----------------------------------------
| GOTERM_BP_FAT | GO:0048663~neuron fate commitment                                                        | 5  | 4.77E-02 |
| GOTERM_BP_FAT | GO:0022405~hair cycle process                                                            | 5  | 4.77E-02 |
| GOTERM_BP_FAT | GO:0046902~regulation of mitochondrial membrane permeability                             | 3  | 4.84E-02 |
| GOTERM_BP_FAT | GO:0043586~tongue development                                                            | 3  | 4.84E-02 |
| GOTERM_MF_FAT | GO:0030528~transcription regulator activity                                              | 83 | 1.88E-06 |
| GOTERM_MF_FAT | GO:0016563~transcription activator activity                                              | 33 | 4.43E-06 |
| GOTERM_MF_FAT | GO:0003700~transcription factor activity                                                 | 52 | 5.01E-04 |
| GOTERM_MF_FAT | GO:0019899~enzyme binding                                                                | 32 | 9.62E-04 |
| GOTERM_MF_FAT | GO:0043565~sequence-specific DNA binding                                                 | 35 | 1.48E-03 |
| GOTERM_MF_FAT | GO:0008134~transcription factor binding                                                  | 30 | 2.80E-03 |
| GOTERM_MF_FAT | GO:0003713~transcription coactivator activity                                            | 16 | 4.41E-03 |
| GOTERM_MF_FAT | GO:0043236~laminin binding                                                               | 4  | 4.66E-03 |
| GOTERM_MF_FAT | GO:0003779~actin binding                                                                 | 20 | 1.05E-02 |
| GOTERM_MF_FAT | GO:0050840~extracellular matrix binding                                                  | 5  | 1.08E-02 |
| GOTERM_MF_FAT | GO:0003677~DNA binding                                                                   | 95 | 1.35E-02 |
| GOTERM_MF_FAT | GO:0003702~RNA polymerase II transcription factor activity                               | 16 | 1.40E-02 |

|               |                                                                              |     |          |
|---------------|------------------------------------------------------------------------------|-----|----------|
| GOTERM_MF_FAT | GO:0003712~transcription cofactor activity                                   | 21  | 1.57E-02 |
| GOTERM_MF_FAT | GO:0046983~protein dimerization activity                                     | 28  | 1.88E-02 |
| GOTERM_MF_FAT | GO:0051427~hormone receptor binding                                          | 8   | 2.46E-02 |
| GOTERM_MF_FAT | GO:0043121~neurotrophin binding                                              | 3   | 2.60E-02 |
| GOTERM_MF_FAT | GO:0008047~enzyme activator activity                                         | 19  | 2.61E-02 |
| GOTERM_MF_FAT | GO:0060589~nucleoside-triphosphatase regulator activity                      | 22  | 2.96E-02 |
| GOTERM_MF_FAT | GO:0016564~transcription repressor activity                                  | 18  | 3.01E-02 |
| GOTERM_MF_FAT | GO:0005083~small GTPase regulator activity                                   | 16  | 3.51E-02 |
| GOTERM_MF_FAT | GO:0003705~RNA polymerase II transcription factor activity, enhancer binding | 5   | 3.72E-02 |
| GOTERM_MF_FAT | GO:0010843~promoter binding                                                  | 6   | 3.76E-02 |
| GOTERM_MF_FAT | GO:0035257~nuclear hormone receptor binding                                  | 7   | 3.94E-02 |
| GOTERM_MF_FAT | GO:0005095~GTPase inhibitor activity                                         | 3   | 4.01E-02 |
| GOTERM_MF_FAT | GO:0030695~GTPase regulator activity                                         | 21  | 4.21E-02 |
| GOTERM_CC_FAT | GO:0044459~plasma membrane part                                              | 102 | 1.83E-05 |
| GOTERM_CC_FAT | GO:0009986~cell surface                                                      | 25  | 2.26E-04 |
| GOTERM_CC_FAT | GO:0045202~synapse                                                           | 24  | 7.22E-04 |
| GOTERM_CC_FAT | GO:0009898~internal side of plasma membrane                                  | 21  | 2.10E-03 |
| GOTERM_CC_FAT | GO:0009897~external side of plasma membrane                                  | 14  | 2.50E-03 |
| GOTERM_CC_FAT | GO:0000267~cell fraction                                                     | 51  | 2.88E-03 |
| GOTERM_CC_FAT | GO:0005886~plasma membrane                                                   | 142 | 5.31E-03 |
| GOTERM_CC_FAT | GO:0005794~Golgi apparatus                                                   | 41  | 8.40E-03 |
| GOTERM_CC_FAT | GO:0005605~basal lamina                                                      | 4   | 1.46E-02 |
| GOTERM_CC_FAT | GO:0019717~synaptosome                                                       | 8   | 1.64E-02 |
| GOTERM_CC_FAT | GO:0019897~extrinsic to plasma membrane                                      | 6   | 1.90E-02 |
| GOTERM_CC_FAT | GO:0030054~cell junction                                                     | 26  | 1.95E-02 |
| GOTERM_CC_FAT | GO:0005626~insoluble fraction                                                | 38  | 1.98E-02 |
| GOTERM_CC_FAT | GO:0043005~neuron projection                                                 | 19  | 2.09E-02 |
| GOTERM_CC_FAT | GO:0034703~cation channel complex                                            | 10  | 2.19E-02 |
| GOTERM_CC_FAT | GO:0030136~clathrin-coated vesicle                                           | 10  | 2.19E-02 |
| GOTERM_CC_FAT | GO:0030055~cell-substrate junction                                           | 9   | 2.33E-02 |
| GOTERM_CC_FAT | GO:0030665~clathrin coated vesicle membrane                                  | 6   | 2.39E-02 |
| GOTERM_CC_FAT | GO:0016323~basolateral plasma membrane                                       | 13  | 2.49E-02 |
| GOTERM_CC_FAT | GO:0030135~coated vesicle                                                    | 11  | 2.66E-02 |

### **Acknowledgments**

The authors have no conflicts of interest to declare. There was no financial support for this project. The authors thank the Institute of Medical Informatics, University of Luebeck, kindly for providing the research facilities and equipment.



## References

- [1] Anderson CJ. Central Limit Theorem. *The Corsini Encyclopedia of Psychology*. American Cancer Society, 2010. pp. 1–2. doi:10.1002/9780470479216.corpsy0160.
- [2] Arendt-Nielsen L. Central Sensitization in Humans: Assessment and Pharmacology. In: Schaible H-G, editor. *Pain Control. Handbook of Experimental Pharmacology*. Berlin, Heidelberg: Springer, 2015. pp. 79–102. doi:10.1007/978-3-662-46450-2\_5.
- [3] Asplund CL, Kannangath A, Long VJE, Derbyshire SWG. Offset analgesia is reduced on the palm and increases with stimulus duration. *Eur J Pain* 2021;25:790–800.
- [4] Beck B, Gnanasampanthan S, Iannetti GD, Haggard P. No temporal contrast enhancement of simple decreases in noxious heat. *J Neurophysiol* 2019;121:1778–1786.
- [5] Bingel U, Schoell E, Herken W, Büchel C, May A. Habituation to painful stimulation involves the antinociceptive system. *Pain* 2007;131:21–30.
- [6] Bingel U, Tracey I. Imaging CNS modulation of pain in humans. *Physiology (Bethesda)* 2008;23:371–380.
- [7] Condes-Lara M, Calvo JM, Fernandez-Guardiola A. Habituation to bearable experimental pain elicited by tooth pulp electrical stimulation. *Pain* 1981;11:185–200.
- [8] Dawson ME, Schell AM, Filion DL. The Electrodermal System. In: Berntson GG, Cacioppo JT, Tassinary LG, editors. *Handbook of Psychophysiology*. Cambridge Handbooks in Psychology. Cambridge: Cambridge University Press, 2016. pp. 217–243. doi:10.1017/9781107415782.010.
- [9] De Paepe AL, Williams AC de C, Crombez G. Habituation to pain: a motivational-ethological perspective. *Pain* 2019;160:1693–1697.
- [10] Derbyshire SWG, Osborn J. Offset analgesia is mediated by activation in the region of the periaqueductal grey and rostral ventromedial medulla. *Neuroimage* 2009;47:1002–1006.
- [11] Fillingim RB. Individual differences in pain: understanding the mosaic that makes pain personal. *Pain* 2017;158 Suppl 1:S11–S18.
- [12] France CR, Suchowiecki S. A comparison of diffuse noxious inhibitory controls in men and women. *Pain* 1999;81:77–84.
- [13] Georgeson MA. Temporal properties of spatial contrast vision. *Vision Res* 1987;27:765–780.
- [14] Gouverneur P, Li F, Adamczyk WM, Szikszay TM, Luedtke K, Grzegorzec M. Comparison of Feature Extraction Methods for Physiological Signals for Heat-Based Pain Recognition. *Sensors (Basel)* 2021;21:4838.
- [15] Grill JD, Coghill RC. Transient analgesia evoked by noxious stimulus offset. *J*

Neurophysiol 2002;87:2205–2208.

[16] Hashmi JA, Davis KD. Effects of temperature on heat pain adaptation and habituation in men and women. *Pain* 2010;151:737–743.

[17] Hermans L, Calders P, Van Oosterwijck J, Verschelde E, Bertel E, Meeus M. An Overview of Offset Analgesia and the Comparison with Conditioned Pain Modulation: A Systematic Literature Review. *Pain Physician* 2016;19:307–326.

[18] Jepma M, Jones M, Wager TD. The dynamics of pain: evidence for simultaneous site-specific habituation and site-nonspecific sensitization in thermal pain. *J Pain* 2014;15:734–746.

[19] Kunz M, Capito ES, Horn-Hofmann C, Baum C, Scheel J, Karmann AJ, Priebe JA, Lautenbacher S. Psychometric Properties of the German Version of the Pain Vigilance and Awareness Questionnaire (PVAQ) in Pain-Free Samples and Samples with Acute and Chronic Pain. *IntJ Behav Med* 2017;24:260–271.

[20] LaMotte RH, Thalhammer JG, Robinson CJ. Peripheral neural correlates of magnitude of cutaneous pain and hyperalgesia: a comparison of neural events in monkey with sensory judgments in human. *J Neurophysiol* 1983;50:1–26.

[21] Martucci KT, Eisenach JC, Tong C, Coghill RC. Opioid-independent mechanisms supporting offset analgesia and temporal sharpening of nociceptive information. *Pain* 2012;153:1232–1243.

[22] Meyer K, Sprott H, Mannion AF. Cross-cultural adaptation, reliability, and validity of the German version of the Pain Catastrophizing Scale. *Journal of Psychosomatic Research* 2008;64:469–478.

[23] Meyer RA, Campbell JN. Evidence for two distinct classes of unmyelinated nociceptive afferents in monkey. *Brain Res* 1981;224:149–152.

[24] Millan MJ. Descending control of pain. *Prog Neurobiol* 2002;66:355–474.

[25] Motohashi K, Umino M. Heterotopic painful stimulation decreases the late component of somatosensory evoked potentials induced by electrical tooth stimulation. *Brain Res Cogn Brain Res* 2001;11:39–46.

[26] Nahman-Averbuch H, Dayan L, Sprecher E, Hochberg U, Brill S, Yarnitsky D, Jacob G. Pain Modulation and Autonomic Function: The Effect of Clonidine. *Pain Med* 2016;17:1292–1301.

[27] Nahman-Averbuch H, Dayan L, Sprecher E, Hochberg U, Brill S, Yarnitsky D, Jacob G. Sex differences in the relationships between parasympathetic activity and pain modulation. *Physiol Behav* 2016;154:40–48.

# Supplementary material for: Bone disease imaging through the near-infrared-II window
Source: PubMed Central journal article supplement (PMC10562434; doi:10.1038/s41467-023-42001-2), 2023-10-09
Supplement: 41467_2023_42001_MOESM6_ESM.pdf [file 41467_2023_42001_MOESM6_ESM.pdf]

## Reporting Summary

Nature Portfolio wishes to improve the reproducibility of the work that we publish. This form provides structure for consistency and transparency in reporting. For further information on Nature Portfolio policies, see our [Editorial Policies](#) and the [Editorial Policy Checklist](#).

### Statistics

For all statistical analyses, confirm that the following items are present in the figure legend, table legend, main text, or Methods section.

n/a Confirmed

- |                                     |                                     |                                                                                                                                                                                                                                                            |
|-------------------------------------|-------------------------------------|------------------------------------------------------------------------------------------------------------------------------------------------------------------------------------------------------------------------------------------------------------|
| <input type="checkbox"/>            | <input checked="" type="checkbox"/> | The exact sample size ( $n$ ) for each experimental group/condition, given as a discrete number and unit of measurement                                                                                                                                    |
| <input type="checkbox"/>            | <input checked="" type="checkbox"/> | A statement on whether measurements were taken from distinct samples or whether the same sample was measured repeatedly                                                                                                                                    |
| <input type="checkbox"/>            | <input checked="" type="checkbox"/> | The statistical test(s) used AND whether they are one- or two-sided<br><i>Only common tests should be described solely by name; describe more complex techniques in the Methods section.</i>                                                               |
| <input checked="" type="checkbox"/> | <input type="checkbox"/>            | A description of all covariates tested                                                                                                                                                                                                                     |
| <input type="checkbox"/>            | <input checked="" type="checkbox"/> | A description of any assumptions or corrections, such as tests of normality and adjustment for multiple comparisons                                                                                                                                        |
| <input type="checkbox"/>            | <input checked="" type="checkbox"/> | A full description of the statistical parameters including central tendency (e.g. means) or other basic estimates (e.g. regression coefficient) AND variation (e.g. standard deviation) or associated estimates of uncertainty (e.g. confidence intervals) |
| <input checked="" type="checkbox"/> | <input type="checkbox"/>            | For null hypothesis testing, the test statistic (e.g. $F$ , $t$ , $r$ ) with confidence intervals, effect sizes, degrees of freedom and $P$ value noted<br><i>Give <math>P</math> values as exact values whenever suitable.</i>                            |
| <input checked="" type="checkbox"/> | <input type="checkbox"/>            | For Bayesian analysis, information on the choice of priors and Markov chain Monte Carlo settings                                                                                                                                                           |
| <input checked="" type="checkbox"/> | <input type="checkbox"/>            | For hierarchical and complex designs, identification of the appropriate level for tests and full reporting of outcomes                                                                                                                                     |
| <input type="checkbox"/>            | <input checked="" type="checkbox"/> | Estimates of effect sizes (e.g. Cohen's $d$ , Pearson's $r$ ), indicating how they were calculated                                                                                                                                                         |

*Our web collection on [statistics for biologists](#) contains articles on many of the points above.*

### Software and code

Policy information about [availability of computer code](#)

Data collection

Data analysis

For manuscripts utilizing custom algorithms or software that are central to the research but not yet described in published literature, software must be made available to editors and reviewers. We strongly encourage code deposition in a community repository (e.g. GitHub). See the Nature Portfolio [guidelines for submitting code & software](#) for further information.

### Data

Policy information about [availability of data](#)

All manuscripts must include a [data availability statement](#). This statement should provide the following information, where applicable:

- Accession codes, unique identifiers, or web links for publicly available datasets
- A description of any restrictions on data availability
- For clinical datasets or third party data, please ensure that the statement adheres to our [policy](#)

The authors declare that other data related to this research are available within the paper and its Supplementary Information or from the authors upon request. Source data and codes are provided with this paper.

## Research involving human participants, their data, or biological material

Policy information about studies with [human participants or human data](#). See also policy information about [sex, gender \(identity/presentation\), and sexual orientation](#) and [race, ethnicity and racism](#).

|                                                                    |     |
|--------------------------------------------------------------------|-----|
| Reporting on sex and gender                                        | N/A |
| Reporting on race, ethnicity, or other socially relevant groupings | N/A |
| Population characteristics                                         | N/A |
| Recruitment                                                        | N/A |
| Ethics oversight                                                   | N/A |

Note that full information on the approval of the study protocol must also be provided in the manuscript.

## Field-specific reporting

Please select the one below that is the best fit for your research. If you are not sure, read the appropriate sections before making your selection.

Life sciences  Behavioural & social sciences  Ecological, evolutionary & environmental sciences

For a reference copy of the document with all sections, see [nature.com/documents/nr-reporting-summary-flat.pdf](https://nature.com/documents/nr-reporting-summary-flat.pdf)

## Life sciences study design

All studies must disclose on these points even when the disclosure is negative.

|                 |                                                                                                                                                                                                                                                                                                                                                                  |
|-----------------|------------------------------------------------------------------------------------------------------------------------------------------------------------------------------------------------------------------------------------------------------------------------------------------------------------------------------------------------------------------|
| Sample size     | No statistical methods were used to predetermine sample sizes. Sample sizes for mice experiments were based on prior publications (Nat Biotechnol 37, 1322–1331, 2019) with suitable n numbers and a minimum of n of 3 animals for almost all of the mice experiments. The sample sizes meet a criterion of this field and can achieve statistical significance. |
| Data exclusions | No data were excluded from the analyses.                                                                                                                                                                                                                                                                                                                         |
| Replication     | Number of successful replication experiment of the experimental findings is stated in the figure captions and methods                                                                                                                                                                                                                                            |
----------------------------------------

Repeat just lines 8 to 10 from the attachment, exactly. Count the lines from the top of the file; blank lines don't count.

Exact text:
| GOTERM_MF_FAT | GO:0019899~enzyme binding                                                                | 32 | 9.62E-04 |
| GOTERM_MF_FAT | GO:0043565~sequence-specific DNA binding                                                 | 35 | 1.48E-03 |
| GOTERM_MF_FAT | GO:0008134~transcription factor binding                                                  | 30 | 2.80E-03 |